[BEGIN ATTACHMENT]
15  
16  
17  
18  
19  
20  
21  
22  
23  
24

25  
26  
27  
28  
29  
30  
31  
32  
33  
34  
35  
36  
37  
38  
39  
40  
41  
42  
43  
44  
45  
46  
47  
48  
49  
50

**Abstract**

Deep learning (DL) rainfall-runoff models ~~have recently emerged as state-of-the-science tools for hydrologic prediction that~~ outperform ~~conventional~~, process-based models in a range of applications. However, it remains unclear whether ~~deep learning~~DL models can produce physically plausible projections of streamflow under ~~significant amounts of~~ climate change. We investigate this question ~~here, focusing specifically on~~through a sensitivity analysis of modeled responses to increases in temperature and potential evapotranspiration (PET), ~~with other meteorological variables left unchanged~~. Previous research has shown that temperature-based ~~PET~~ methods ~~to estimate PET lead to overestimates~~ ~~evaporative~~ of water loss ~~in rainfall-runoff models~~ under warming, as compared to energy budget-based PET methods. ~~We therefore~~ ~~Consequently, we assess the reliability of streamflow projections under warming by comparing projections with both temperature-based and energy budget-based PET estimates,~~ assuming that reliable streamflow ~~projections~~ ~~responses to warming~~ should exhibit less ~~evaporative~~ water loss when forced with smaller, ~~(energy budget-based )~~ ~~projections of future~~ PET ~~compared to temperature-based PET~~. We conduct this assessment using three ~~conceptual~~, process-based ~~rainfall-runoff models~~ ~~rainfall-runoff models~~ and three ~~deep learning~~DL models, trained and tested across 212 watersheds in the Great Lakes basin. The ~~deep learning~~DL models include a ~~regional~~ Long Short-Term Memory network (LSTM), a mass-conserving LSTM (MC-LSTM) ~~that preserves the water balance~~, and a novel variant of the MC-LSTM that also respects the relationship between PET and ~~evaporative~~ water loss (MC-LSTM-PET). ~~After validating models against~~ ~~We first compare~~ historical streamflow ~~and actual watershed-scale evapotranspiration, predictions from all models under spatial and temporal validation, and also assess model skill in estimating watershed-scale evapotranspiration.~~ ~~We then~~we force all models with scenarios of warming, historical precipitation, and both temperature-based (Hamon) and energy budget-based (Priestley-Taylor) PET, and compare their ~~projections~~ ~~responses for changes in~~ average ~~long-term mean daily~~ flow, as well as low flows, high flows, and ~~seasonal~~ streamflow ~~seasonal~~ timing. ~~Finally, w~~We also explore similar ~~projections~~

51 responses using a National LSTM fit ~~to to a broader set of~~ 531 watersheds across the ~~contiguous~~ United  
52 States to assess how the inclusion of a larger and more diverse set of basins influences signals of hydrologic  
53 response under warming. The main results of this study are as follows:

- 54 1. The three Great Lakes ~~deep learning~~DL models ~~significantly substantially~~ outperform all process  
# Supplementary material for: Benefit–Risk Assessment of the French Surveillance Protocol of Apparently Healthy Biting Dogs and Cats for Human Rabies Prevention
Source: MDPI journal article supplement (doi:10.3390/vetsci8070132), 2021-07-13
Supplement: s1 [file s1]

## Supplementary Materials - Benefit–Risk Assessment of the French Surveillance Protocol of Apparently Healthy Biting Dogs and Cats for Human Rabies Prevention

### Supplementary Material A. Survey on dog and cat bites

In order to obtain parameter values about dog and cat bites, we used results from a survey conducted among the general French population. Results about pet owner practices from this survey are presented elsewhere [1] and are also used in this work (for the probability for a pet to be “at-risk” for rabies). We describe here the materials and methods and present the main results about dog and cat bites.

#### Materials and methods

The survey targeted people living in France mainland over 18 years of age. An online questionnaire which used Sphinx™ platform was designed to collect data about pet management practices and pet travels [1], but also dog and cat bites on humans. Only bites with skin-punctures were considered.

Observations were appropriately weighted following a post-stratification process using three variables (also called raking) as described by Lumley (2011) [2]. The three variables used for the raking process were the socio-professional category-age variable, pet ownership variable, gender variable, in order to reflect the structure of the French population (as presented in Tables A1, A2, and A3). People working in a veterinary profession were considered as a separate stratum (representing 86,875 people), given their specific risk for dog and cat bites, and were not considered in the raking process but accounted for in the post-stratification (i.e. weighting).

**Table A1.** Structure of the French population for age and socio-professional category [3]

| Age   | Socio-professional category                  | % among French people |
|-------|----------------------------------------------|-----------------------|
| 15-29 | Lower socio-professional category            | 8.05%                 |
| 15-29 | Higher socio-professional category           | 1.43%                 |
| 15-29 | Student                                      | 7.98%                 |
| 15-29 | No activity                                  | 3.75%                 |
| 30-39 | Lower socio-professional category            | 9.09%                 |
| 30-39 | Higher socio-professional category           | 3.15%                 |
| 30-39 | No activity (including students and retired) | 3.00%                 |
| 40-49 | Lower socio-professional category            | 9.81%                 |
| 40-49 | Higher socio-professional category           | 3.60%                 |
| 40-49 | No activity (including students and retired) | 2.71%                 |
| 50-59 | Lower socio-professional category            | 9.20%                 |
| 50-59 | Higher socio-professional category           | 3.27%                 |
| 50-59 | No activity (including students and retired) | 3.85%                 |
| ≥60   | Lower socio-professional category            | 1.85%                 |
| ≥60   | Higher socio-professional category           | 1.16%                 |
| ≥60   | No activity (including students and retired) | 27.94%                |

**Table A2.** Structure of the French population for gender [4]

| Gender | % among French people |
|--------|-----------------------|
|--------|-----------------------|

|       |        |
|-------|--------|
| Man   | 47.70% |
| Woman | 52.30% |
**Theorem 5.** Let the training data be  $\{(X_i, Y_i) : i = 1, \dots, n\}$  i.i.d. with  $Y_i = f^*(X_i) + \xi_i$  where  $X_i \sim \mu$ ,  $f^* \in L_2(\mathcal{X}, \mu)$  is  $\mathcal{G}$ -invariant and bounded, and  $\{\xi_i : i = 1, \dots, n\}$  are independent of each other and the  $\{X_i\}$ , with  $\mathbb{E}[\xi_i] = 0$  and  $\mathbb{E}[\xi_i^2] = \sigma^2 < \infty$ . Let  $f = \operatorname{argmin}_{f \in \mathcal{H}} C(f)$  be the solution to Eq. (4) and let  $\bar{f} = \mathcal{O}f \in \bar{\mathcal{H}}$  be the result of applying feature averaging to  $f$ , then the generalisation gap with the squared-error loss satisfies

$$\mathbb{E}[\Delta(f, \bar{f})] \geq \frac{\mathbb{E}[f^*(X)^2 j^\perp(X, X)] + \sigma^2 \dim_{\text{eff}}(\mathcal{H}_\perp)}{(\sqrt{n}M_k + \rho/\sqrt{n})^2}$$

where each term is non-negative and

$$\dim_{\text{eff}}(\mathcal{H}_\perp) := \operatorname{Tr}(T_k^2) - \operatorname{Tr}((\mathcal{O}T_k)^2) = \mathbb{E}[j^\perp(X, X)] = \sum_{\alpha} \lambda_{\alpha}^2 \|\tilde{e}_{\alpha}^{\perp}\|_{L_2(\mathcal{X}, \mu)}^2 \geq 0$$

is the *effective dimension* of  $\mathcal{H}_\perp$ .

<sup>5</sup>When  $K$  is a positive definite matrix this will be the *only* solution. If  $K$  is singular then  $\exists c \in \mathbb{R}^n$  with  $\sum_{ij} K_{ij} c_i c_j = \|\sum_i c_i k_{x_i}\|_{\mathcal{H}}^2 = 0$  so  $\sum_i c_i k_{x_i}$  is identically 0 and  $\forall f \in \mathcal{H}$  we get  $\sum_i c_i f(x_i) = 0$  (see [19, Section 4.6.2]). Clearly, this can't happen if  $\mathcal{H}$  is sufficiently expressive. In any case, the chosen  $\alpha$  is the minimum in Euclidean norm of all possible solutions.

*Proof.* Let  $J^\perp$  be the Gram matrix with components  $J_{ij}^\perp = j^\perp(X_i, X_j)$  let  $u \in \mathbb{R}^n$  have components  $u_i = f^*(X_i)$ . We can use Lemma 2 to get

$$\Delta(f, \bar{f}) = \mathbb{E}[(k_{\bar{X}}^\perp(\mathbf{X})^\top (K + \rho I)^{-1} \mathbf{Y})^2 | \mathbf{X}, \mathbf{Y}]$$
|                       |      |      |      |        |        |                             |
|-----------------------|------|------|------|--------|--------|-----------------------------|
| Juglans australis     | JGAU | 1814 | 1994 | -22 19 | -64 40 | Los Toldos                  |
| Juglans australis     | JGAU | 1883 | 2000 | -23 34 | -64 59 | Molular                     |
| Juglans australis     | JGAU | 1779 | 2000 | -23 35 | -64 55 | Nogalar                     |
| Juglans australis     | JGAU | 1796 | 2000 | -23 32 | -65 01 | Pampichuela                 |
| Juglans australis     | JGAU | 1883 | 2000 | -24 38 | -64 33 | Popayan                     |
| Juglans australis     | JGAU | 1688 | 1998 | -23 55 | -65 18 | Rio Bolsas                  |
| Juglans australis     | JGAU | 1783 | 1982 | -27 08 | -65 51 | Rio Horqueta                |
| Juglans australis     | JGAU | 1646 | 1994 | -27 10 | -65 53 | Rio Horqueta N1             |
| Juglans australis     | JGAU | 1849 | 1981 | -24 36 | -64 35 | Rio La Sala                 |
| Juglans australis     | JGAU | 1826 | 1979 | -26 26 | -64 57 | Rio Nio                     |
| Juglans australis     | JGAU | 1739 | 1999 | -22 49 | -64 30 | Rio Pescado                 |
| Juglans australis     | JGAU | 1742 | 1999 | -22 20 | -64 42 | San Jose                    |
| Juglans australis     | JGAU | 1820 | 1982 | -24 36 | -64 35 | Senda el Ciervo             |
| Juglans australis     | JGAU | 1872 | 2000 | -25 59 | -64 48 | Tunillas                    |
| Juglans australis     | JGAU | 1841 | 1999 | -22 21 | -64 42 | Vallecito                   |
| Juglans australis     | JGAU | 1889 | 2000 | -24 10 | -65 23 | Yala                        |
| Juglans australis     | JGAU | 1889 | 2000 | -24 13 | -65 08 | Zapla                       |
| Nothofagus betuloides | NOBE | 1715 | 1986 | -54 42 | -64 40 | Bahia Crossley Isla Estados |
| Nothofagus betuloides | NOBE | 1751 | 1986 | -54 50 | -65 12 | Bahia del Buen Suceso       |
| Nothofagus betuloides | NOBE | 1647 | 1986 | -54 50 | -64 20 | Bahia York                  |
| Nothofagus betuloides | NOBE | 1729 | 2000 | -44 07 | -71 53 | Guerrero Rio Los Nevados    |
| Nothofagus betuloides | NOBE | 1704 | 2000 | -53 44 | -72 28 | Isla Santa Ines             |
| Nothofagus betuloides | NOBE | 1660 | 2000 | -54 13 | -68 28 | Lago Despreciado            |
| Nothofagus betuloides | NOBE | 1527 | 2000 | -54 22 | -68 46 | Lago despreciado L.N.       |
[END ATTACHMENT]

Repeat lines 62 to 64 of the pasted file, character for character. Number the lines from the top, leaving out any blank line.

| 40-49 | Lower socio-professional category            | 9.81%                 |
| 40-49 | Higher socio-professional category           | 3.60%                 |
| 40-49 | No activity (including students and retired) | 2.71%                 |